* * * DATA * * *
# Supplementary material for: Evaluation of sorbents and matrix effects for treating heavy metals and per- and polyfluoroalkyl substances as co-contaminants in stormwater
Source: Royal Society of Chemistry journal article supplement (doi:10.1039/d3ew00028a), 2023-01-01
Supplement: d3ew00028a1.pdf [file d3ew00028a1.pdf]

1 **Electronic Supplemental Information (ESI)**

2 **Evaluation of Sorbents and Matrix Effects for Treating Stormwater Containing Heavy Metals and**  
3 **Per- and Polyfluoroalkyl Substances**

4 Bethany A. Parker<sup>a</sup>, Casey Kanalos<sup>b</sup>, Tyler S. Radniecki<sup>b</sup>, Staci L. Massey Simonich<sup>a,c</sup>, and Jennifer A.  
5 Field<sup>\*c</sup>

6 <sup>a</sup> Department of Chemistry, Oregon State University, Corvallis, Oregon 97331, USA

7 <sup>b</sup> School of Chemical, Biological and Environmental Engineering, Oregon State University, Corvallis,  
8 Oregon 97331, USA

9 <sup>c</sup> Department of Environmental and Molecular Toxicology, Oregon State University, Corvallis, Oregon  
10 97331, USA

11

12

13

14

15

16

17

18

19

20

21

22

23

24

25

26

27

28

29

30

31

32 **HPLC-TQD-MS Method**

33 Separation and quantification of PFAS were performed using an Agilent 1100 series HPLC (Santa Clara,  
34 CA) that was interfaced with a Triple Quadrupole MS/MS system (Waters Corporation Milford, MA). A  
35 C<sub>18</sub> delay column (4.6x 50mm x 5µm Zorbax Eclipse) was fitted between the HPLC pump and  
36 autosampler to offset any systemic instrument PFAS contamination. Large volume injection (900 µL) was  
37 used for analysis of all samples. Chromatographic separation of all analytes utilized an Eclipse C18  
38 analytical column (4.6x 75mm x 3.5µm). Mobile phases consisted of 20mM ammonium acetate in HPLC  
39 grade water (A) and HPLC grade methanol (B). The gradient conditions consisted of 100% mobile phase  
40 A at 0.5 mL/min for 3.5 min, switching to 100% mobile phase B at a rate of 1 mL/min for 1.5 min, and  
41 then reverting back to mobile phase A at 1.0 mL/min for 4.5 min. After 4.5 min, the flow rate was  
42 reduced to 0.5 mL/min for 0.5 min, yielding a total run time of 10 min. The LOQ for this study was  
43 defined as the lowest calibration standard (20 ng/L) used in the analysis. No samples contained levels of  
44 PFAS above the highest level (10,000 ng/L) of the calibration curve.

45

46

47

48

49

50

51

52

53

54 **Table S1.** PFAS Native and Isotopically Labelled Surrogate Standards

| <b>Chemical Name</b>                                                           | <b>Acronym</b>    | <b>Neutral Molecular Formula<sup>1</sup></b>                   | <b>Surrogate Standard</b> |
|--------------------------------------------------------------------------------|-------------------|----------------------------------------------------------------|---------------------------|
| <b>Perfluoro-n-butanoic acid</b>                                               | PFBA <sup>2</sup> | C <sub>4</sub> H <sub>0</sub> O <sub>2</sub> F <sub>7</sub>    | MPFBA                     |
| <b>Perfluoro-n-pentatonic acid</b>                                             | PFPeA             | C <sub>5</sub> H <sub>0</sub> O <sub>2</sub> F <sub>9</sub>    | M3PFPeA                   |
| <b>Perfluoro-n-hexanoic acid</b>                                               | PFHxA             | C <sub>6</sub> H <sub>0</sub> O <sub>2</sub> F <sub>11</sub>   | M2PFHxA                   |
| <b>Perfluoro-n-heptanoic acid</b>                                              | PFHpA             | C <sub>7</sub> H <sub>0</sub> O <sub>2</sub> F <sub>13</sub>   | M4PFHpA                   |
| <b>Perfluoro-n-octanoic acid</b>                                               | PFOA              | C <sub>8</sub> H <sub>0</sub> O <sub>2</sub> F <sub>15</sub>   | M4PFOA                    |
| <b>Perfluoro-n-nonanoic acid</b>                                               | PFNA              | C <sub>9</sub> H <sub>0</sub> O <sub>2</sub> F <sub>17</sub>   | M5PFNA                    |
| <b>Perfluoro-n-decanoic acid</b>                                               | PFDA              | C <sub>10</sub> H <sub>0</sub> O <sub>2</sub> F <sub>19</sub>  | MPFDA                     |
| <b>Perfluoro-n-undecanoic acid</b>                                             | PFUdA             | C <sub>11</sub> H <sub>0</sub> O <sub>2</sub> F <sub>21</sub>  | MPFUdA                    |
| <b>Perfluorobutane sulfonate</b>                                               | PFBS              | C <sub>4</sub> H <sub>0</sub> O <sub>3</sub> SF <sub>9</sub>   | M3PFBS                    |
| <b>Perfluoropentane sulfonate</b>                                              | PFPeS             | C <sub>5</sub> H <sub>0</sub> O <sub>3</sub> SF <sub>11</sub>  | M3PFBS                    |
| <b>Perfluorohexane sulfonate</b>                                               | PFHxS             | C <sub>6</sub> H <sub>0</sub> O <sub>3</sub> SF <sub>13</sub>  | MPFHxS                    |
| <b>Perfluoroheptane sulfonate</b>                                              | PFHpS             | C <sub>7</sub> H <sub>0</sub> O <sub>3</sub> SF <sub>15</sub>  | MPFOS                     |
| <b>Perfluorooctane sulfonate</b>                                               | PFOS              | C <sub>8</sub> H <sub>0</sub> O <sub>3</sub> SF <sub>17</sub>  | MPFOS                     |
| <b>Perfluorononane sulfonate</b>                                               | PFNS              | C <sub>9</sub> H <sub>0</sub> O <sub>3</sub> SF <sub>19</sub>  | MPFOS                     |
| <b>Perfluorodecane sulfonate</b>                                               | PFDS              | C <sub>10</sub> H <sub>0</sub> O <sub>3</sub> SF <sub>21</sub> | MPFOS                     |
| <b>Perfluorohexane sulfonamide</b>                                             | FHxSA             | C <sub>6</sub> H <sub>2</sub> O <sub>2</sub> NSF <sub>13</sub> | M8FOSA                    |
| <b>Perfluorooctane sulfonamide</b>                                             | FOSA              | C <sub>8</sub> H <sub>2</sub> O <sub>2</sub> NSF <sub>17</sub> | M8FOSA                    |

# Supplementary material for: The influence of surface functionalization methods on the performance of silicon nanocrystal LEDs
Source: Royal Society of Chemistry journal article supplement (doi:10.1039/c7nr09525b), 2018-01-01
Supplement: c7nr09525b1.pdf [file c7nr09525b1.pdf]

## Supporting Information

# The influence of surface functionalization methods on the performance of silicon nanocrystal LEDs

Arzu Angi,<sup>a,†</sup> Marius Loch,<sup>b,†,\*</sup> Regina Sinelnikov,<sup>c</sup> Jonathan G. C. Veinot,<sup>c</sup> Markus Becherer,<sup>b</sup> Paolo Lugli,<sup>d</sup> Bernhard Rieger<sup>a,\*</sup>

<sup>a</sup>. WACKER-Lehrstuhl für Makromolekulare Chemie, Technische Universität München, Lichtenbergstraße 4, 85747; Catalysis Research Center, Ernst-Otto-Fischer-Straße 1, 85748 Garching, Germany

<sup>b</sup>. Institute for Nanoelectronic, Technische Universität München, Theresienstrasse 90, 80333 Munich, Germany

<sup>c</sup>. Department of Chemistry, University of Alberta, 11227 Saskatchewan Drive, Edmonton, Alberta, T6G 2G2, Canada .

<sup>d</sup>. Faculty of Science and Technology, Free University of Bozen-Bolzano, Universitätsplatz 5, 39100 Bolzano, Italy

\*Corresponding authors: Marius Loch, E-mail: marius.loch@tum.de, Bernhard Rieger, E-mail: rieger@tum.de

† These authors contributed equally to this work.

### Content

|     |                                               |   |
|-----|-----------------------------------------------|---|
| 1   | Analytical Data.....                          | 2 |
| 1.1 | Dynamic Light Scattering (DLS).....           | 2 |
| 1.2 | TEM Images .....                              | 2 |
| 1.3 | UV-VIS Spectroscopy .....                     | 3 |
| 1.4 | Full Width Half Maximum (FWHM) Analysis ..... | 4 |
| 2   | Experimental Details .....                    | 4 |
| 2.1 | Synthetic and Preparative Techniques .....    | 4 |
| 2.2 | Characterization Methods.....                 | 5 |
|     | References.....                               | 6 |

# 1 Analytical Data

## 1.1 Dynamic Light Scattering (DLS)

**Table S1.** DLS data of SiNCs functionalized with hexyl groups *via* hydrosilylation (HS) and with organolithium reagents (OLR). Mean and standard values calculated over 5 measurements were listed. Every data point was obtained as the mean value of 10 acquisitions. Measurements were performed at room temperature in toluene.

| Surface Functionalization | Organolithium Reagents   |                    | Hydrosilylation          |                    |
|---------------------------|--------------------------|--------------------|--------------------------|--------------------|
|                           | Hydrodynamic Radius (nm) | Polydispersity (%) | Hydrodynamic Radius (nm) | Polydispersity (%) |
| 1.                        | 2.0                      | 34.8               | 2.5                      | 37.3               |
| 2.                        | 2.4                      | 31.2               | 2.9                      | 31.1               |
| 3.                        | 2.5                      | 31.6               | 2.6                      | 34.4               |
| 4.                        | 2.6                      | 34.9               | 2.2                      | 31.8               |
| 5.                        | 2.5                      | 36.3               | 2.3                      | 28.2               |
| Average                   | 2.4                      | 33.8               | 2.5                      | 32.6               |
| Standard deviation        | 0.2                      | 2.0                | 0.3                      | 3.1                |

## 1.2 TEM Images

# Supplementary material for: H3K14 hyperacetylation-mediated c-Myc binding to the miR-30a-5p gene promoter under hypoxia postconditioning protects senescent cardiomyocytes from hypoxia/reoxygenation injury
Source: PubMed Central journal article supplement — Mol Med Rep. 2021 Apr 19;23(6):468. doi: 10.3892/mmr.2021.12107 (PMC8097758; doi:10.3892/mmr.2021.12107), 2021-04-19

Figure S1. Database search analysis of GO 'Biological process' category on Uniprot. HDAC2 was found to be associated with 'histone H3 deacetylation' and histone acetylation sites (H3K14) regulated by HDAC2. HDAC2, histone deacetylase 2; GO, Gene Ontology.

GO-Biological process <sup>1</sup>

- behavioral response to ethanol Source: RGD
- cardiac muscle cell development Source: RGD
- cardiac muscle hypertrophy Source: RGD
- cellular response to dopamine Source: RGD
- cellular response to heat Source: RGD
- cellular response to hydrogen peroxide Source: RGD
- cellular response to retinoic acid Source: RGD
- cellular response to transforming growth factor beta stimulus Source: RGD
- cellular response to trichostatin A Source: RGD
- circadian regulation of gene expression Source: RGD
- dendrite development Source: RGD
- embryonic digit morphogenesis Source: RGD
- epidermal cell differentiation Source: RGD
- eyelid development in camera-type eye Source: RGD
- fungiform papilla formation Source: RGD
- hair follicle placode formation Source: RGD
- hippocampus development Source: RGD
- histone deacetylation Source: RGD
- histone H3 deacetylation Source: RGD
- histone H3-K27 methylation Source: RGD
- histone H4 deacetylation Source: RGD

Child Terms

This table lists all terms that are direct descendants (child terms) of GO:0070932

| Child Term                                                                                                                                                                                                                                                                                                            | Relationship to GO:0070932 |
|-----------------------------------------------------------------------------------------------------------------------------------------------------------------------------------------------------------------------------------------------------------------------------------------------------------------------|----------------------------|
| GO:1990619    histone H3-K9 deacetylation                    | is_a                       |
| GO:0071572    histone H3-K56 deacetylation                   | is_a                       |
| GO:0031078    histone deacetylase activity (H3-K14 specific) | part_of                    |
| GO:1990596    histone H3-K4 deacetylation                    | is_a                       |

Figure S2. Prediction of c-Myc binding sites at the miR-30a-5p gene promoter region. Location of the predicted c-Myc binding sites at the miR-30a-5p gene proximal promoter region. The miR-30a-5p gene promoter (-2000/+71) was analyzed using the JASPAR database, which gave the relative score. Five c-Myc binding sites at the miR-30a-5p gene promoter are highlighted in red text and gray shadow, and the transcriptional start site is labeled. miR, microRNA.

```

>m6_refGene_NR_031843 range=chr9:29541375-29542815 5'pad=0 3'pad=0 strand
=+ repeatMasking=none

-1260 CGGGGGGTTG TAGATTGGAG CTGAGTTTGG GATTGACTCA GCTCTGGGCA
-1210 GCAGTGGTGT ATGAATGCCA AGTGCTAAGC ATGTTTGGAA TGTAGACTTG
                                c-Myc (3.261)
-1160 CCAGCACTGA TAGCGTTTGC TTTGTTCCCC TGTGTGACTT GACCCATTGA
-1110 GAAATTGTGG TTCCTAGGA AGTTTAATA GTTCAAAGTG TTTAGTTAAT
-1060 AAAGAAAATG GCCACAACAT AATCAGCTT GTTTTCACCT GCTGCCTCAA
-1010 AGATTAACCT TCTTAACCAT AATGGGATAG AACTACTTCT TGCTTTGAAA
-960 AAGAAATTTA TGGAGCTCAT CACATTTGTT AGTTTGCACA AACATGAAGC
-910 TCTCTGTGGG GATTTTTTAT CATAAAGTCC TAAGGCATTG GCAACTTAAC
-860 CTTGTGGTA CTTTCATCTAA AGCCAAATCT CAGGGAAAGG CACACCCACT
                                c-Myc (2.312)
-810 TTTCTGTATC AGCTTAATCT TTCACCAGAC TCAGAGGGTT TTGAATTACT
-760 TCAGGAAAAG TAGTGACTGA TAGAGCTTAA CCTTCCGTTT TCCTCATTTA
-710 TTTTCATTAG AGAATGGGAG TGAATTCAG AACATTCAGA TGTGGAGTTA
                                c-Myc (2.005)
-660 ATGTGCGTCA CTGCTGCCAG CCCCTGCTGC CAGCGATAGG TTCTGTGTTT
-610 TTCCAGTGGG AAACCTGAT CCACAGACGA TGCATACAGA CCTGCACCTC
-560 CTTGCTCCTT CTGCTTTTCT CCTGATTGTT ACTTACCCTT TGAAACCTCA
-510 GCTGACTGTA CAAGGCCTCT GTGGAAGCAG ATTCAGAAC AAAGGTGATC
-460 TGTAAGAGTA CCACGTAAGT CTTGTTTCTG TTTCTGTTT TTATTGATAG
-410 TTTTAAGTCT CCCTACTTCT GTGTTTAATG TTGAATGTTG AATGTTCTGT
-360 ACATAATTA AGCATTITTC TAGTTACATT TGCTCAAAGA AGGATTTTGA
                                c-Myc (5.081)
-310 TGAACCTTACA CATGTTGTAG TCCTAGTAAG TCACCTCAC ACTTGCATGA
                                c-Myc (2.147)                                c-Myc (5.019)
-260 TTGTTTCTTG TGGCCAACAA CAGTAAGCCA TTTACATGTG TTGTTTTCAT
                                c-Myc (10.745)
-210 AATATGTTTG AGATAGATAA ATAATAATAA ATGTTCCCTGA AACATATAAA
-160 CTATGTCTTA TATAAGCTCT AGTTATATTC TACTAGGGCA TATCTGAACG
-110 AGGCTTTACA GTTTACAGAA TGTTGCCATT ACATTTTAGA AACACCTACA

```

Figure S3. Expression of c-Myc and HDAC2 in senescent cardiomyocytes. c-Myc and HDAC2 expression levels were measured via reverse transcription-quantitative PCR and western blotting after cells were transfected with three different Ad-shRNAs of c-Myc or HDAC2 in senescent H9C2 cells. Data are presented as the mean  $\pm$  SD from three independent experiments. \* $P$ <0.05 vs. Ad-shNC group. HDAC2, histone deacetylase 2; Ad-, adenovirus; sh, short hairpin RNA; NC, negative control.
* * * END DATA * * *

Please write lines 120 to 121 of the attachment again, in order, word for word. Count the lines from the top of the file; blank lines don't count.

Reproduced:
- cardiac muscle cell development Source: RGD
- cardiac muscle hypertrophy Source: RGD